Groups To File Lawsuit Against Viacom, Kellogg Over Ads Directed at Children
Two consumer advocacy groups and a group of parents on Wednesday announced plans to file a lawsuit against Viacom, the parent company of Nickelodeon, and the Kellogg Company over advertisements for unhealthful foods targeted at children, the New York Times reports. The Center for Science in the Public Interest and the Campaign for a Commercial-Free Childhood allege that the use of Viacom cartoon characters, such as SpongeBob Square Pants and Dora the Explorer, to market unhealthy foods to children is inherently deceptive and unfair (Warner, New York Times, 1/19).
According to the plaintiffs, the practice harms the health of children because the ads promote foods high in sugar, fat and salt and low in nutritional value. The plaintiffs plan to file the lawsuit in Massachusetts, which has "one of the nation's most plaintiff-friendly consumer-protection laws," and hope to use to laws in the state to prevent ads for unhealthy foods on television programs for which at least 15% of the audience is younger than age eight, the Washington Post reports. The plaintiffs also seek to prevent the issue of licenses by Viacom to use the cartoon characters in ads for unhealthy foods (Mayer, Washington Post, 1/19).
In addition, the plaintiffs seek $25 for each time a child younger than age eight views an ad for an unhealthy food on Nickelodeon or other Viacom media. The lawsuit also seeks damages for each time a child views an ad for an unhealthy Kellogg product during programs on any media targeted at children and for each time a child views Viacom cartoon characters on the package of a Kellogg product (Ellison/Adamy, Wall Street Journal, 1/19).
The announcement of the lawsuit "comes six weeks after a prestigious national science advisory panel concluded that food and beverage companies were using TV ads to entice children into eating massive amounts of unhealthful food, leading to a sharp increase in childhood obesity," the Post reports (Washington Post, 1/19).
Michael Jacobson, executive director of CSPI, said that 98% of ads for Kellogg products on Saturday morning TV programs promote foods high in sugar and that 84% of Kellogg products with packages targeted at children have low nutritional value. He added that CPSI planned to file the lawsuit because the federal government has failed to regulate the issue.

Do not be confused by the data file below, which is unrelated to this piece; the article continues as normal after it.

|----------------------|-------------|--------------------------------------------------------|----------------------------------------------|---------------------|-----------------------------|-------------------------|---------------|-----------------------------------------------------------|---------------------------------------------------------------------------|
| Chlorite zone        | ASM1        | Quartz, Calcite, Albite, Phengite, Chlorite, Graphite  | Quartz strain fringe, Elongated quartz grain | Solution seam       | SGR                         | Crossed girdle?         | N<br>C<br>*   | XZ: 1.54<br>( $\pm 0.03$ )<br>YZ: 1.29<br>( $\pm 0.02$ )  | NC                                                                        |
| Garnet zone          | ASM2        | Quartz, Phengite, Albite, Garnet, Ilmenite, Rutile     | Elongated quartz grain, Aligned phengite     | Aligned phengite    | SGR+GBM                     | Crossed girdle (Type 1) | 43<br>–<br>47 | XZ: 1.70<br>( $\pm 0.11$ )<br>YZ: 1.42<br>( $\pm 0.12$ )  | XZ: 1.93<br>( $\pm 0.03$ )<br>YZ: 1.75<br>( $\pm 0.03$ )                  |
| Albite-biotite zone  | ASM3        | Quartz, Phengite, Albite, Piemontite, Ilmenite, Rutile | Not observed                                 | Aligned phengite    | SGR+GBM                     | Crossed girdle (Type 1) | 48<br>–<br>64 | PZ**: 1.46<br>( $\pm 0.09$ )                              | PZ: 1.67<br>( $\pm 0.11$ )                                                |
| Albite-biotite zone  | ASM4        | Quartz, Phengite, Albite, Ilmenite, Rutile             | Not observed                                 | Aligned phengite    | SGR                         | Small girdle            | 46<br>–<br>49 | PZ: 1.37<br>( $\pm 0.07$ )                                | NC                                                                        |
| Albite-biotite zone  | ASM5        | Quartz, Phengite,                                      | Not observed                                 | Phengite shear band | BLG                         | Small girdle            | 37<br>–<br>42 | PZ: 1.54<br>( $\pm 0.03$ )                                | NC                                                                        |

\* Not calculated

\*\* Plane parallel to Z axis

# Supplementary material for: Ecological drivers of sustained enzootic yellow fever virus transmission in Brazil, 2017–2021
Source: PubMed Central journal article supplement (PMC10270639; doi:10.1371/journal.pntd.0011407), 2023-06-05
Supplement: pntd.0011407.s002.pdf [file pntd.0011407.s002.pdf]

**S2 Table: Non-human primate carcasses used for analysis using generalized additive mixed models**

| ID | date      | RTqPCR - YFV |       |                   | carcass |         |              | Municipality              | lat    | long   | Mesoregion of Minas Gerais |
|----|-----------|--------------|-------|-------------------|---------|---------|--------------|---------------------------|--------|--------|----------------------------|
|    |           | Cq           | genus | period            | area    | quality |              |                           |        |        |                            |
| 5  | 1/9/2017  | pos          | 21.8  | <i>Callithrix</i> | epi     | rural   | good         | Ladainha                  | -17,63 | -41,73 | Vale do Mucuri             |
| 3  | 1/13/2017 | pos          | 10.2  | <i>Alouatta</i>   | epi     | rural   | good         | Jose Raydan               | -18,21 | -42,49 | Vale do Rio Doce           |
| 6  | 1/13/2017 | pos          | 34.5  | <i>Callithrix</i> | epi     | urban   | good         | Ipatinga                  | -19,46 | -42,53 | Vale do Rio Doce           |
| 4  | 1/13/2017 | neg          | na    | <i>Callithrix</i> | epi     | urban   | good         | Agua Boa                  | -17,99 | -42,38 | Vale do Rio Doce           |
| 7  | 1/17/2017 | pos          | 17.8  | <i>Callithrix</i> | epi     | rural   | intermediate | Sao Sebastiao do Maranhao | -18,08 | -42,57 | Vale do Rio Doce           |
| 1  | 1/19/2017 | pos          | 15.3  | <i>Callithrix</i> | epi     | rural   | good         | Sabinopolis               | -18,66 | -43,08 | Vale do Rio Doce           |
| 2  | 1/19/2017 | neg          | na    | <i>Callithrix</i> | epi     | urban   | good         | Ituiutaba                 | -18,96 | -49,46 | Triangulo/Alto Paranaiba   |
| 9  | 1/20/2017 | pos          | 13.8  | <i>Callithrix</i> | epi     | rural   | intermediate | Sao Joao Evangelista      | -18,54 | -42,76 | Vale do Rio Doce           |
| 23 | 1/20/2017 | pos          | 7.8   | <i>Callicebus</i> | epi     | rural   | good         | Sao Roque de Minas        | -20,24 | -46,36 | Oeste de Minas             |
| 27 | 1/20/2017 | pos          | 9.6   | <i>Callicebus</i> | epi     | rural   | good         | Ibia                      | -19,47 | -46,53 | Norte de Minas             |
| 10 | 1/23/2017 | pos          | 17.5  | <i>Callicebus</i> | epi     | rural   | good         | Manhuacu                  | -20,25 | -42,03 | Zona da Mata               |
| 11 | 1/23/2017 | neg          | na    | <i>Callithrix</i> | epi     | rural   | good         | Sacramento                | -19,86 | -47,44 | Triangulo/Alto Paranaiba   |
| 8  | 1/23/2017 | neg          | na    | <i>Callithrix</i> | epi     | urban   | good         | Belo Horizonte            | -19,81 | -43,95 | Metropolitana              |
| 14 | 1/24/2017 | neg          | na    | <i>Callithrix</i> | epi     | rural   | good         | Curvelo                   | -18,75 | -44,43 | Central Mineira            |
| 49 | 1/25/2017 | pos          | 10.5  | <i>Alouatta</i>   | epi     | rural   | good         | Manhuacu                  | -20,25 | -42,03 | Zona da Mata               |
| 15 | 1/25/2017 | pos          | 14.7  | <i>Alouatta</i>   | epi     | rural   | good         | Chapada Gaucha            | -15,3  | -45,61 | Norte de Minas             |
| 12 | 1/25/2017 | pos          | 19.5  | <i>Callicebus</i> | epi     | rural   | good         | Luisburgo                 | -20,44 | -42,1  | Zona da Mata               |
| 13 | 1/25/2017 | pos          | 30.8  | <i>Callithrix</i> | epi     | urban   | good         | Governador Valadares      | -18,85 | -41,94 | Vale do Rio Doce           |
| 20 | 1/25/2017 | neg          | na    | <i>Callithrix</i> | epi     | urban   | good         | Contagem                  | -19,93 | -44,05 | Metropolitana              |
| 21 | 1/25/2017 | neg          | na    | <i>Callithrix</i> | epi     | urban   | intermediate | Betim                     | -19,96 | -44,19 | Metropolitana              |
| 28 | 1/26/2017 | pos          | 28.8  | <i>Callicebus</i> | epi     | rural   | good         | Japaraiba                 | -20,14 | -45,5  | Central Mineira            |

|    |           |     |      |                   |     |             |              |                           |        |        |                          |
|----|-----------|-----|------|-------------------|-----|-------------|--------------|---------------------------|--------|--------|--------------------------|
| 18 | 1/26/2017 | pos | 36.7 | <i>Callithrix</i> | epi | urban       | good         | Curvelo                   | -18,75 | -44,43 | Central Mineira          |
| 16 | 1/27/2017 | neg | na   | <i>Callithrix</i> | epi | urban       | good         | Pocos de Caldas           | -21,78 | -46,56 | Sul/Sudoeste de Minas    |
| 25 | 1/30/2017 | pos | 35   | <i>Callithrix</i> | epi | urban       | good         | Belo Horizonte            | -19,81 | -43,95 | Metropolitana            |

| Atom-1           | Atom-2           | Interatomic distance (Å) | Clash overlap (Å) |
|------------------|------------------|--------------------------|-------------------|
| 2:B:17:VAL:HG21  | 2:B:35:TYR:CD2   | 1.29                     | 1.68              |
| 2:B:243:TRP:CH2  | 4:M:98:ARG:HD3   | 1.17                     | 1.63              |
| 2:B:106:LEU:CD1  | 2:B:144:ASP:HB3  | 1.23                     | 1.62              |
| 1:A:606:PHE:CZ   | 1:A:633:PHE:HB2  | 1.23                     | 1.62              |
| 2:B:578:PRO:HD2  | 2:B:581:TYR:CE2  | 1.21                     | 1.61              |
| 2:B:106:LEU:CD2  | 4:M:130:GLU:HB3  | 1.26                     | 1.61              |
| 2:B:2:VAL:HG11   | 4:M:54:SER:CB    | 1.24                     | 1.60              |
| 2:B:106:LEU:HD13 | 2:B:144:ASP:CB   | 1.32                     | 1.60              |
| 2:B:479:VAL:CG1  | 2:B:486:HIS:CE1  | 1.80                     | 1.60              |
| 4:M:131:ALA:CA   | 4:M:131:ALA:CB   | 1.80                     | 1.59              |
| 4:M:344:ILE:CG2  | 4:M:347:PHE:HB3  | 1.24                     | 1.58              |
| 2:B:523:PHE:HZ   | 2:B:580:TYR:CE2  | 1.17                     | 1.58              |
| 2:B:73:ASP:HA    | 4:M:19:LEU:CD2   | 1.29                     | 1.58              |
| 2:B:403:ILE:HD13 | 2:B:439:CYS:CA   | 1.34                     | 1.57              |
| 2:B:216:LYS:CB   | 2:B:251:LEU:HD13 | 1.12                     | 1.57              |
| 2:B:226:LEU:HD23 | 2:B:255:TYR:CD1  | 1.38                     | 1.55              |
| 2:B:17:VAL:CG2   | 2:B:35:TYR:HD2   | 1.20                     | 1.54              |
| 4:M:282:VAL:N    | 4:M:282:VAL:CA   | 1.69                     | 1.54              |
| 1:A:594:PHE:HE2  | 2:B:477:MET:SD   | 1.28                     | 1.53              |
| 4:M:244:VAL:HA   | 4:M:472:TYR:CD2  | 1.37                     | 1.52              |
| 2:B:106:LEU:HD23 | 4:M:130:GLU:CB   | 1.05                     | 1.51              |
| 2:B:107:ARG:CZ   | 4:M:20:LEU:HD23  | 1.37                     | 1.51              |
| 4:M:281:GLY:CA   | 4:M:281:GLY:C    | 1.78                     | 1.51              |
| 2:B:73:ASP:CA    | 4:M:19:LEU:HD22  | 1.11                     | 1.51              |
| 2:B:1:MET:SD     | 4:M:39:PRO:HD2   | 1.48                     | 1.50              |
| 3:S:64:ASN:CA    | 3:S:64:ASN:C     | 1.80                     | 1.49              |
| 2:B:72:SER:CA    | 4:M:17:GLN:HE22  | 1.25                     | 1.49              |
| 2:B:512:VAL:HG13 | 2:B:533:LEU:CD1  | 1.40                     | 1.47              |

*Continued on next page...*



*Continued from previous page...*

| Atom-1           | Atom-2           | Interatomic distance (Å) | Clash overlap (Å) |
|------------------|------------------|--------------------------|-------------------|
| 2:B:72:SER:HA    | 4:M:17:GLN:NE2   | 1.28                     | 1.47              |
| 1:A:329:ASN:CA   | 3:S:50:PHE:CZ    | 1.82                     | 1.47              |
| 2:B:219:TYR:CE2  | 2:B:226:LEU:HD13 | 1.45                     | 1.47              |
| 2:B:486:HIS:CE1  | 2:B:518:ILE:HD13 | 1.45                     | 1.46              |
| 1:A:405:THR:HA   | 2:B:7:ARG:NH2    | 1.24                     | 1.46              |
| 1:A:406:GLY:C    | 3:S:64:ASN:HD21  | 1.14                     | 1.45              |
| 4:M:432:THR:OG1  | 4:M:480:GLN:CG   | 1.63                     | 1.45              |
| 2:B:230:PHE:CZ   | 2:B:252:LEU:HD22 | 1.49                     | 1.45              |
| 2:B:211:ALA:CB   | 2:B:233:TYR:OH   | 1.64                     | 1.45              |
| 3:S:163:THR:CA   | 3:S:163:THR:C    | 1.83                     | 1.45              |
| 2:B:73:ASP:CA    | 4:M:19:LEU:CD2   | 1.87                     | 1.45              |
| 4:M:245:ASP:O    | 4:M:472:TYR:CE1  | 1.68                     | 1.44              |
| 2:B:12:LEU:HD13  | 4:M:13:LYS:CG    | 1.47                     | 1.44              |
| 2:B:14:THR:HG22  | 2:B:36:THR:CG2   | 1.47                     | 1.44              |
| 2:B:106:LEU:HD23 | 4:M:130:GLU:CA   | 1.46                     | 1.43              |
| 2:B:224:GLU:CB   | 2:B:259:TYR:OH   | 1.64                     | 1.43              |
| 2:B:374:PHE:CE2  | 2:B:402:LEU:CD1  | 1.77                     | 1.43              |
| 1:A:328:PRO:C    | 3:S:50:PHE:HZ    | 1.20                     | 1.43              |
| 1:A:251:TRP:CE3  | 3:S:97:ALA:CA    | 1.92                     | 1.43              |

Stephen Gardner, director of litigation for CSPI, said, "It's unfair because kids under five don't even know it's a commercial. They think it's a very short SpongeBob program. And it's unfair because at a very important time in their physical and psychological development, kids are being encouraged to eat food that is just not good for them" (New York Times, 1/19).
Sherri Carlson, one of the plaintiffs, said that she attempts to promote healthy foods to her children but added that "it's hard to compete with so many ads making junk food so fun and cool." She said, "Critics argue it's up to the parent to 'just say no.' Many times this is easier said than done, especially with strong-willed children, which I happen to have" (Carey, CQ HealthBeat, 1/18).
Dan Mindus, a spokesperson for the Center for Consumer Freedom, said, "Going out on a limb here, perhaps (Carlson's) kids want these foods not because of ads, but because they're children" (Quaid, AP/USA Today, 1/19).
Kellogg officials in a statement said that the company had a "long-standing commitment to marketing in a responsible manner." Kellogg spokesperson Jill Saletta added, "We will also continue to educate and inform consumers of all ages about the importance of both balanced nutrition and physical activity in maintaining a healthy lifestyle" (New York Times, 1/19).
David Mackay, Kellogg president and chief operating officer, said, "I don't think you can sort of put the blame on one thing or another. I think it's a number of factors" (Wall Street Journal, 1/19).
Dan Martinsen, a spokesperson for Viacom, said that the criticisms of the company are unfounded and that Viacom has recently launched a number of programs that promote healthy foods to children and address childhood obesity (New York Times, 1/19).
William Macleod, former director of the Bureau of Consumer Protection at the Federal Trade Commission, said that the lawsuit likely will not succeed, adding, "The problem with these cases is that you cannot identify the harm and you cannot identify the remedy" (Wall Street Journal, 1/19).